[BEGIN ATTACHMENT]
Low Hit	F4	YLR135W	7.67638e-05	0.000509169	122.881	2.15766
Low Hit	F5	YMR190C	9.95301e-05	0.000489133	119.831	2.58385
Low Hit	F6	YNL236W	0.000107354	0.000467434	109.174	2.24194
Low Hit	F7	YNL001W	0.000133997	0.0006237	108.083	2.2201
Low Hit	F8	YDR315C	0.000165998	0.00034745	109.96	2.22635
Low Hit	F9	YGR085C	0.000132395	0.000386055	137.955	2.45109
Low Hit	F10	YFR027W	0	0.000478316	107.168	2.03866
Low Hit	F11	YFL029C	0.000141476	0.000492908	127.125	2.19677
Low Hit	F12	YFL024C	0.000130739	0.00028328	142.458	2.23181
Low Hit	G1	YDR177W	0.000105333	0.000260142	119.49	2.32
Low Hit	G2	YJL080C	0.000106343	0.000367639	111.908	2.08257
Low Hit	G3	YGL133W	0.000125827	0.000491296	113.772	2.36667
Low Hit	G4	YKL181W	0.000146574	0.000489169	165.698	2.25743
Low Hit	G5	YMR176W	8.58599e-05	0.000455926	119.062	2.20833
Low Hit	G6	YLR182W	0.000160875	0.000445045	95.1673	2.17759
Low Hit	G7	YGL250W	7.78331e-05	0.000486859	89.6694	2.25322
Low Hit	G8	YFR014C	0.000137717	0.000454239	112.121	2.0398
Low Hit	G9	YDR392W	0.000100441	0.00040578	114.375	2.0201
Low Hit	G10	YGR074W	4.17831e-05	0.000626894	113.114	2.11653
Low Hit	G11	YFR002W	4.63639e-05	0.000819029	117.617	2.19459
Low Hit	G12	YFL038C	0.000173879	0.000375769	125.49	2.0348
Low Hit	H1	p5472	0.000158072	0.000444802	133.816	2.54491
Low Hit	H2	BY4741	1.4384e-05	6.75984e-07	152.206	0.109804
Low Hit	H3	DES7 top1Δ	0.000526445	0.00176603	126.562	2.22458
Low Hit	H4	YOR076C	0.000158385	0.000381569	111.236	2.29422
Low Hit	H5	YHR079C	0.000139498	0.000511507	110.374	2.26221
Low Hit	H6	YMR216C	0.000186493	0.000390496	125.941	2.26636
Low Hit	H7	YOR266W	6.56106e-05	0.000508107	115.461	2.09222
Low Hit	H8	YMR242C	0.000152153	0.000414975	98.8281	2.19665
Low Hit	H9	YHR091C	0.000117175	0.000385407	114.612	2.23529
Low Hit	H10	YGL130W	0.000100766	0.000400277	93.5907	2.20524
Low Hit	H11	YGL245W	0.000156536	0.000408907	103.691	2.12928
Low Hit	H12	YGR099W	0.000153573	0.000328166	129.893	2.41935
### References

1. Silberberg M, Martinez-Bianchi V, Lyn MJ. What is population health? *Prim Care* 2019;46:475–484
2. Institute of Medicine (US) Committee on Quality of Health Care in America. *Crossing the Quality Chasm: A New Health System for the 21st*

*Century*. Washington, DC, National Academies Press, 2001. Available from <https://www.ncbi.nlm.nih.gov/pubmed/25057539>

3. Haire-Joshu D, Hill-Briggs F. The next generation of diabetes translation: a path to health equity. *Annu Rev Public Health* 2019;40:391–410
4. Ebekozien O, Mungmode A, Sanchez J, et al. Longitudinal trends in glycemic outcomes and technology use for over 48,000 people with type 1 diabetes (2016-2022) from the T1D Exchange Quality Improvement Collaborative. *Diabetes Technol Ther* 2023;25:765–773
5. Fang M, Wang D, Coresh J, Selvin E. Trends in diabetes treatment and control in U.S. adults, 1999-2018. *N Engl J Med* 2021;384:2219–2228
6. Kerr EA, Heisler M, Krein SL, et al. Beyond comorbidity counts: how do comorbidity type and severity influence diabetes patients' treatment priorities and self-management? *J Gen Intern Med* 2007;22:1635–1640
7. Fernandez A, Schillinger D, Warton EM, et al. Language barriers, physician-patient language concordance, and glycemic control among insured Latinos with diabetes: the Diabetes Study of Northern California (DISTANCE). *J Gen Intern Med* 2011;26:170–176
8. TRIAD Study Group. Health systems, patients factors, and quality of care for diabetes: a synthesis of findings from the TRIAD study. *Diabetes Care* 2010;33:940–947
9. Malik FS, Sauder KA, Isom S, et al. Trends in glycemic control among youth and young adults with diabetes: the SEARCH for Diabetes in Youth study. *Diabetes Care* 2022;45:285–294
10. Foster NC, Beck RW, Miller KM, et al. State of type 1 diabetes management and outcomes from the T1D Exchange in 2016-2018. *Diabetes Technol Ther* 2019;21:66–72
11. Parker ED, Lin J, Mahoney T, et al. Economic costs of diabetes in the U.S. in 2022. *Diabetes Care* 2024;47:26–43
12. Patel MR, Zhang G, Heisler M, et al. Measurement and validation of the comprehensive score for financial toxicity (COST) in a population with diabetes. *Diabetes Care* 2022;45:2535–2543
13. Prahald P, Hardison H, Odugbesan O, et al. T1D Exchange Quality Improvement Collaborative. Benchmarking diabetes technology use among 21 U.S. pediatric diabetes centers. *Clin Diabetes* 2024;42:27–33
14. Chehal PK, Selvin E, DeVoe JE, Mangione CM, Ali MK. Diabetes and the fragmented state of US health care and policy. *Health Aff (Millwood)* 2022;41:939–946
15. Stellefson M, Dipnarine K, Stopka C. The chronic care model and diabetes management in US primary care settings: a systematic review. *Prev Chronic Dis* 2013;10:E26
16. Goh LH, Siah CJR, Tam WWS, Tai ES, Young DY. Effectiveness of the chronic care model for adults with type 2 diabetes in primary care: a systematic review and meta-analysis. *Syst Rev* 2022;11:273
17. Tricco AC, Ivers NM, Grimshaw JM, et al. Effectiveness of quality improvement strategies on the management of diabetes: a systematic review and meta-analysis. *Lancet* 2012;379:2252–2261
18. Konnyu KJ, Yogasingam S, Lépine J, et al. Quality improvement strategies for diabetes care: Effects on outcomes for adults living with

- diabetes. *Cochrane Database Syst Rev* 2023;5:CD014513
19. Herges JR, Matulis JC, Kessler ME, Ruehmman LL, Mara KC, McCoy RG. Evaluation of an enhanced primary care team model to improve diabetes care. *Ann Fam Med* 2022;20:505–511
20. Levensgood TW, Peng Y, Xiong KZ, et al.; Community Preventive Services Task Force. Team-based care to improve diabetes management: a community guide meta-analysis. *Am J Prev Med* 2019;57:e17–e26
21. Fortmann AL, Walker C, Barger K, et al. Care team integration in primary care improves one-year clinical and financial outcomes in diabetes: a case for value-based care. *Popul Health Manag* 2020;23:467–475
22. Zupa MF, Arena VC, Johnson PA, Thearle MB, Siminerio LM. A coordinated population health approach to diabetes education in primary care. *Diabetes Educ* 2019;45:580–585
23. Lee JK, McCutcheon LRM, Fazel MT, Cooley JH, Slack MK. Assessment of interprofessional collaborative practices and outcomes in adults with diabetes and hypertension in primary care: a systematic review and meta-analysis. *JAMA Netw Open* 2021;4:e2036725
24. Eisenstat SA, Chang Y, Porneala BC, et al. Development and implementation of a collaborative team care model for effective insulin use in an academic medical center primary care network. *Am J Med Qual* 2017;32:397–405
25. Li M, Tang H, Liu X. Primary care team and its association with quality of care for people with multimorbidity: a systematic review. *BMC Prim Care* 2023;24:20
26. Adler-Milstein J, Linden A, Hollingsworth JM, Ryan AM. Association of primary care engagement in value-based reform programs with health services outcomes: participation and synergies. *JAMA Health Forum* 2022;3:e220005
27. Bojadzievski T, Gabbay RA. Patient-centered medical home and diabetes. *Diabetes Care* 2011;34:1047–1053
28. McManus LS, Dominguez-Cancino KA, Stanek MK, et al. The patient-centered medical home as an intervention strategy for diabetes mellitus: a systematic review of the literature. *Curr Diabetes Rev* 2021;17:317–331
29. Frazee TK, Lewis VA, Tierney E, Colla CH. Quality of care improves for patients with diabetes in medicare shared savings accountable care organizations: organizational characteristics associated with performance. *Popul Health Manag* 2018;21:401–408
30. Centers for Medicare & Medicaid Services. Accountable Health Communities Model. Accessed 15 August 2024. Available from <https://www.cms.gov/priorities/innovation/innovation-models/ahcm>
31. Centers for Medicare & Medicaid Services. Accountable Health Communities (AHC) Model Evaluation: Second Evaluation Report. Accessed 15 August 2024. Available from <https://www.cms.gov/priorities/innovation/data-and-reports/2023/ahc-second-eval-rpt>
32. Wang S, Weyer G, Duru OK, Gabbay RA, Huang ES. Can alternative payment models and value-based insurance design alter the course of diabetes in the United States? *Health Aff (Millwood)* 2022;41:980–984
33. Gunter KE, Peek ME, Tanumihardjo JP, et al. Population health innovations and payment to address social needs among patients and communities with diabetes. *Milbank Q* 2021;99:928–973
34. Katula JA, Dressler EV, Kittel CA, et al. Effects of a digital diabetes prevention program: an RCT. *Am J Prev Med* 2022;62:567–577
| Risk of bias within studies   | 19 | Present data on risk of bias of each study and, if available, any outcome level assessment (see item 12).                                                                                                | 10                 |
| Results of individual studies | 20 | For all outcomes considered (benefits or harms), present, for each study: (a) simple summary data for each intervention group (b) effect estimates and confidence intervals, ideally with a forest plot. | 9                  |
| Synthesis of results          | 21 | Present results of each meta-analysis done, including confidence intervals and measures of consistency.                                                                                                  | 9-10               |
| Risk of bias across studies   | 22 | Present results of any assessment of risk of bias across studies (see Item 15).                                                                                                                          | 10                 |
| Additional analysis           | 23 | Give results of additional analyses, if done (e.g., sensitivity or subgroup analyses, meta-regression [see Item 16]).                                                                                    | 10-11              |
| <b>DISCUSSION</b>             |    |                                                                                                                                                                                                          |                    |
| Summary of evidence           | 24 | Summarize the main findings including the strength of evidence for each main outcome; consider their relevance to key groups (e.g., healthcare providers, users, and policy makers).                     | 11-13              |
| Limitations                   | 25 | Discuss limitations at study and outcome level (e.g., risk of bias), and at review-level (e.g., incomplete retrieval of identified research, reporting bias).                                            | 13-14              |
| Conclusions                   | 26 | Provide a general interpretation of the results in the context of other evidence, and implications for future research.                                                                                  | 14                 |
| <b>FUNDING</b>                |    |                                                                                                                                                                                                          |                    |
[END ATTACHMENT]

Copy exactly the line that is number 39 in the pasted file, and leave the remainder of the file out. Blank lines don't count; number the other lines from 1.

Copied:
4. Ebekozien O, Mungmode A, Sanchez J, et al. Longitudinal trends in glycemic outcomes and technology use for over 48,000 people with type 1 diabetes (2016-2022) from the T1D Exchange Quality Improvement Collaborative. *Diabetes Technol Ther* 2023;25:765–773